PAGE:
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Exp Mol Pathol. 2014 Dec;97(3):492-510. doi: 10.1016/j.yexmp.2014.09.005. Epub 2014 Sep 11.

Alcoholic and non-alcoholic steatohepatitis.

Author information

1
In Vitro Drug Safety and Biotechnology, University of Toronto, Toronto, Ontario, Canada; Department of Pharmacology and Toxicology, Faculty of Medicine, University of Toronto, Toronto, Ontario, Canada. Electronic address: manuela.neuman@utoronto.ca.
2
Harbor-UCLA Medical Center, Torrance, CA, USA.
3
Centre of Alcohol Research, University of Heidelberg and Department of Medicine (Gastroenterology and Hepatology), Salem Medical Centre, Heidelberg, Germany.
4
Division of Gastroenterology, Sunnybrook Health Sciences Centre, Department of Medicine, Faculty of Medicine, University of Toronto, Toronto, Ontario, Canada.
5
Research Service, Veterans Affairs Nebraska-Western Iowa Health Care System, Internal Medicine, Biochemistry & Molecular Biology, University of Nebraska Medical Center, Omaha, NE, USA.
6
Drug Health Services, Royal Prince Alfred Hospital, Centenary Institute of Cancer Medicine and Cell Biology, Camperdown, NSW 2050, Australia; Faculty of Medicine, The University of Sydney, Sydney, NSW 2006, Australia.
7
Office of Extramural Activities, National Institute on Alcohol Abuse and Alcoholism, National Institutes of Health, Rockville, MD, USA.
8
Department of Surgery, Carolinas Medical Center, Charlotte, NC, USA.
9
Division of Gastroenterology, Hepatology, and Nutrition, Department of Medicine and Department of Pharmacology; Toxicology, University of Louisville School of Medicine, Louisville, KY, USA.
10
Division of Gastroenterology, Hepatology, and Nutrition, Department of Medicine and Department of Pharmacology; Toxicology, University of Louisville School of Medicine, Louisville, KY, USA; Robley Rex Veterans Medical Center, Louisville, KY, USA.
11
Division of Gastroenterology and Hepatology, Department of Medicine, University of North Carolina at Chapel Hill, Chapel Hill, NC, USA; Department of Nutrition, University of North Carolina at Chapel Hill, Chapel Hill, NC, USA.
12
In Vitro Drug Safety and Biotechnology, University of Toronto, Toronto, Ontario, Canada.
13
Division of Nephrology and Internal Medicine, Fundeni Clinical Institute and University of Medicine and Pharmacy, "Carol Davila", Bucharest, Romania.
14
In Vitro Drug Safety and Biotechnology, University of Toronto, Toronto, Ontario, Canada; Family Medicine Clinic CAR, Bucharest, Romania.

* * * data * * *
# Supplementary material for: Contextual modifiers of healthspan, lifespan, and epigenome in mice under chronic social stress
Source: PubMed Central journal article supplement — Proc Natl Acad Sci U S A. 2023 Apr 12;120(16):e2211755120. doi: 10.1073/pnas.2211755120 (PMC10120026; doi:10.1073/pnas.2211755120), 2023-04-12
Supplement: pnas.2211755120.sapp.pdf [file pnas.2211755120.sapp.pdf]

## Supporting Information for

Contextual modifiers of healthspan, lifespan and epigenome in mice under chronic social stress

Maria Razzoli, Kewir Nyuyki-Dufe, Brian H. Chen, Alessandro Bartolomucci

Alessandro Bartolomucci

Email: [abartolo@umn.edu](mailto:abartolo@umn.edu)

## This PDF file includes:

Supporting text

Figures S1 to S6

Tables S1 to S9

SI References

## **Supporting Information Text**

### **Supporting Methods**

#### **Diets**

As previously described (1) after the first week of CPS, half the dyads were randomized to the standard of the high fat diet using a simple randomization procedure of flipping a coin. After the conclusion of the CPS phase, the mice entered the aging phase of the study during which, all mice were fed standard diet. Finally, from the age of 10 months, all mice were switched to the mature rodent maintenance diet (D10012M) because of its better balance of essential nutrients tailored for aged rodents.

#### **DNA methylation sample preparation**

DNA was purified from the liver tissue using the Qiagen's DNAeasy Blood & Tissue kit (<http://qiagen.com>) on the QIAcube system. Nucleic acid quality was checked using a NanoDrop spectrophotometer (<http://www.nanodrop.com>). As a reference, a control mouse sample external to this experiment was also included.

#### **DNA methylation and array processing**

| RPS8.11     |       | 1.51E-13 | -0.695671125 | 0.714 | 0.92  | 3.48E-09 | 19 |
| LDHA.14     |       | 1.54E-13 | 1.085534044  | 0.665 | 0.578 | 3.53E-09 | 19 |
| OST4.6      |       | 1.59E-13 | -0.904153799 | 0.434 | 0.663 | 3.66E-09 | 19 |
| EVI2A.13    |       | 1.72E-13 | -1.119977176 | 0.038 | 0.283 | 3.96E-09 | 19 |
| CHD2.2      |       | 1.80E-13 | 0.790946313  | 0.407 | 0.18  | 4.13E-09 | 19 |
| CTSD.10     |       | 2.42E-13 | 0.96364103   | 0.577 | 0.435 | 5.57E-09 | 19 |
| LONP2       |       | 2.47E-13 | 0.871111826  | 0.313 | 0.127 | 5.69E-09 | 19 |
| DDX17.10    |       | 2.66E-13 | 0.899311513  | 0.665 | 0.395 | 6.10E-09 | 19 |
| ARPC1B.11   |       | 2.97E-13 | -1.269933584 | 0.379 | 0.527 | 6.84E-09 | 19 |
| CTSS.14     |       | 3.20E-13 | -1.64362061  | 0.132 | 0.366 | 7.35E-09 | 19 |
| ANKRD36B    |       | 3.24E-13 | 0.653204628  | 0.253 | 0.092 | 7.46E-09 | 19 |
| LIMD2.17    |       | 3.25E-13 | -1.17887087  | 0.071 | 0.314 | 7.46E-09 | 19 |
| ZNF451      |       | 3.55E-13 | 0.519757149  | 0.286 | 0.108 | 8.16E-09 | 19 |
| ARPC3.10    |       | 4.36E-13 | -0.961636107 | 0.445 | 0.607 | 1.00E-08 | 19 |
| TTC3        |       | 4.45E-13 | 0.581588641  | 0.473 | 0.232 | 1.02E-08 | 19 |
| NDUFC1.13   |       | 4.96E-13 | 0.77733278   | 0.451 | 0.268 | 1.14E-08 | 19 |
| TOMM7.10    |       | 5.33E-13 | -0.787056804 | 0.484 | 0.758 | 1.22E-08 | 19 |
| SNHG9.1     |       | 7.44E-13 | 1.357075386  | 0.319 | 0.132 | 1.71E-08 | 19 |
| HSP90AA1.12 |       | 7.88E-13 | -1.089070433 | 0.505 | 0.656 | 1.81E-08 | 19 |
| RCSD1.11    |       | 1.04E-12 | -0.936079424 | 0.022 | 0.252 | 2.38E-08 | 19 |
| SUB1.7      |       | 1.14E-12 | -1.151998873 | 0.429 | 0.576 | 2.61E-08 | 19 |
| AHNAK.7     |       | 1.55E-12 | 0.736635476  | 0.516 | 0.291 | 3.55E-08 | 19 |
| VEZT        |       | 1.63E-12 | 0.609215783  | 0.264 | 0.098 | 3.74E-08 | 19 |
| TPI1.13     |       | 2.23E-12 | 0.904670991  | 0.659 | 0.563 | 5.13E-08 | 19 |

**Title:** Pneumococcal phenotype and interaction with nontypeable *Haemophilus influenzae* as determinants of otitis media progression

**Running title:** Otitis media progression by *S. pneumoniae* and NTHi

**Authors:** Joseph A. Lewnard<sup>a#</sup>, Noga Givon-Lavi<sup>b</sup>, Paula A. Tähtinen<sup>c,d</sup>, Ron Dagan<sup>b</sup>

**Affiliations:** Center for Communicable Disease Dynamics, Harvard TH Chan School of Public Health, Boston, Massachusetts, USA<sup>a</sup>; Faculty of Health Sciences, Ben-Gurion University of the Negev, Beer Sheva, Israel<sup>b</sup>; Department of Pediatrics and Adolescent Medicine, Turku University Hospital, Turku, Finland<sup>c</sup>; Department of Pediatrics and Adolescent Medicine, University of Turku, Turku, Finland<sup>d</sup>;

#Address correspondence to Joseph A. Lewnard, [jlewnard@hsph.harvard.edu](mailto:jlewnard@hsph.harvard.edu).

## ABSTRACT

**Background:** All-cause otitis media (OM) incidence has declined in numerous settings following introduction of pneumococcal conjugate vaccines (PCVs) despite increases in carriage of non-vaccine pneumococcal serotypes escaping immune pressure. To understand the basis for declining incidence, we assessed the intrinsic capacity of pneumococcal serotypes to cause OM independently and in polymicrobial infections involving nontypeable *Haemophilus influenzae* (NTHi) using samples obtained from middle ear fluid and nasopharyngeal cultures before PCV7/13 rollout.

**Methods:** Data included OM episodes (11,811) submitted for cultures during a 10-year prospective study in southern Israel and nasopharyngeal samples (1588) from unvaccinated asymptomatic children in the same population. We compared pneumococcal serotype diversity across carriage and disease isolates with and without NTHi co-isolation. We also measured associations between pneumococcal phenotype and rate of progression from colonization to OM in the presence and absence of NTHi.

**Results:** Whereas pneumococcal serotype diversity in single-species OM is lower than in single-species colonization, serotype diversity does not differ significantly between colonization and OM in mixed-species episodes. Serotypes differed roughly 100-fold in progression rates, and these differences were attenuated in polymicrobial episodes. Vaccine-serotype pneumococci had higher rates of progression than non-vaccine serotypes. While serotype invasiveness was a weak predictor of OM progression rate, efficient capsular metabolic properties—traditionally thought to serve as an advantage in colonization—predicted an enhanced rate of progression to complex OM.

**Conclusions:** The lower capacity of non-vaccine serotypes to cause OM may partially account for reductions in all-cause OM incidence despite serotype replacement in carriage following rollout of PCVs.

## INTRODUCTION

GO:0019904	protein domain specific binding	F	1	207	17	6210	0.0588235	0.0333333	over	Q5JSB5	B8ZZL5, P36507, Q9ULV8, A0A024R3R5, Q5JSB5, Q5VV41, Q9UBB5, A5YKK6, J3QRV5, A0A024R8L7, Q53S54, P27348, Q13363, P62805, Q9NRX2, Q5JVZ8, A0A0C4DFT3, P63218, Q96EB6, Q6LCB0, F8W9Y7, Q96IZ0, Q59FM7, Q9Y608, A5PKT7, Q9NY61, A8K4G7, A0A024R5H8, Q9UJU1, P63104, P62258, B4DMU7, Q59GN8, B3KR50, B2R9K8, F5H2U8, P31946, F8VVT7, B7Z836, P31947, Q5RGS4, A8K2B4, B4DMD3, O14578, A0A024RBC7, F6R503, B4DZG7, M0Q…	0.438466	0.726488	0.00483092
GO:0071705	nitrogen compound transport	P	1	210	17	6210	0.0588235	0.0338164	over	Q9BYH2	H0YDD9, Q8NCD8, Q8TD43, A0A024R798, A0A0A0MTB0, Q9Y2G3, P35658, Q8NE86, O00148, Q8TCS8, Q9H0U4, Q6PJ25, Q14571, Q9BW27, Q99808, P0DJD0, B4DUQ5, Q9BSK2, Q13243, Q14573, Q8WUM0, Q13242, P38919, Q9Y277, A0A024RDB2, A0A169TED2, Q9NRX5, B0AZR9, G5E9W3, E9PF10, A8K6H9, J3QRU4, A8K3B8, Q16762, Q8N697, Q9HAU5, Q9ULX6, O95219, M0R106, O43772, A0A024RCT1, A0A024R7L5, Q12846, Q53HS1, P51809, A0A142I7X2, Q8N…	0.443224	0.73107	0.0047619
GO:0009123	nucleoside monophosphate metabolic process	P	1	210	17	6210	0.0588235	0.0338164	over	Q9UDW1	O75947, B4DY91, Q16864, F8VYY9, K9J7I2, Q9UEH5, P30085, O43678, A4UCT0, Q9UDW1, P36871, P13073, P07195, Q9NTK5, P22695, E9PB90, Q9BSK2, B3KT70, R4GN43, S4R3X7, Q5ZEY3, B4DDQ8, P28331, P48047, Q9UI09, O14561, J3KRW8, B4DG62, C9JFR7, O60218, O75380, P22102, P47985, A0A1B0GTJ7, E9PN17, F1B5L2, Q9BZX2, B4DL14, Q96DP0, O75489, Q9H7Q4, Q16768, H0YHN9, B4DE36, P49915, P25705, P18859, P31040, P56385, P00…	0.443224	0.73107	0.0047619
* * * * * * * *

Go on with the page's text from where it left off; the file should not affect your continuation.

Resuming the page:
15
Department Internal Medicine, Kaplan Medical Centre and Hebrew University of Jerusalem, Rehovot, Israel.

Abstract

This paper is based upon the "Charles Lieber Satellite Symposia" organized by Manuela G. Neuman at the Research Society on Alcoholism (RSA) Annual Meetings, 2013 and 2014. The present review includes pre-clinical, translational and clinical research that characterize alcoholic liver disease (ALD) and non-alcoholic steatohepatitis (NASH). In addition, a literature search in the discussed area was performed. Strong clinical and experimental evidence lead to recognition of the key toxic role of alcohol in the pathogenesis of ALD. The liver biopsy can confirm the etiology of NASH or alcoholic steatohepatitis (ASH) and assess structural alterations of cells, their organelles, as well as inflammatory activity. Three histological stages of ALD are simple steatosis, ASH, and chronic hepatitis with hepatic fibrosis or cirrhosis. These latter stages may also be associated with a number of cellular and histological changes, including the presence of Mallory's hyaline, megamitochondria, or perivenular and perisinusoidal fibrosis. Genetic polymorphisms of ethanol metabolizing enzymes such as cytochrome p450 (CYP) 2E1 activation may change the severity of ASH and NASH. Alcohol mediated hepatocarcinogenesis, immune response to alcohol in ASH, as well as the role of other risk factors such as its co-morbidities with chronic viral hepatitis in the presence or absence of human immunodeficiency virus are discussed. Dysregulation of hepatic methylation, as result of ethanol exposure, in hepatocytes transfected with hepatitis C virus (HCV), illustrates an impaired interferon signaling. The hepatotoxic effects of ethanol undermine the contribution of malnutrition to the liver injury. Dietary interventions such as micro and macronutrients, as well as changes to the microbiota are suggested. The clinical aspects of NASH, as part of metabolic syndrome in the aging population, are offered. The integrative symposia investigate different aspects of alcohol-induced liver damage and possible repair. We aim to (1) determine the immuno-pathology of alcohol-induced liver damage, (2) examine the role of genetics in the development of ASH, (3) propose diagnostic markers of ASH and NASH, (4) examine age differences, (5) develop common research tools to study alcohol-induced effects in clinical and pre-clinical studies, and (6) focus on factors that aggravate severity of organ-damage. The intention of these symposia is to advance the international profile of the biological research on alcoholism. We also wish to further our mission of leading the forum to progress the science and practice of translational research in alcoholism.

KEYWORDS:

Alcoholic hepatitis; Alcoholic liver disease; CYP2E1; Hangover; Hepatocarcinogenesis; Human immunodeficiency virus; Immunohistochemistry; Laboratory markers; Mallory–Denk bodies; Methylation; Micronutrients; Mitochondrion; Nonalcoholic steatohepatitis; Viral hepatitis

PMID:
25217800
PMCID:
PMC4696068
DOI:
10.1016/j.yexmp.2014.09.005
[Indexed for MEDLINE]
Free PMC Article

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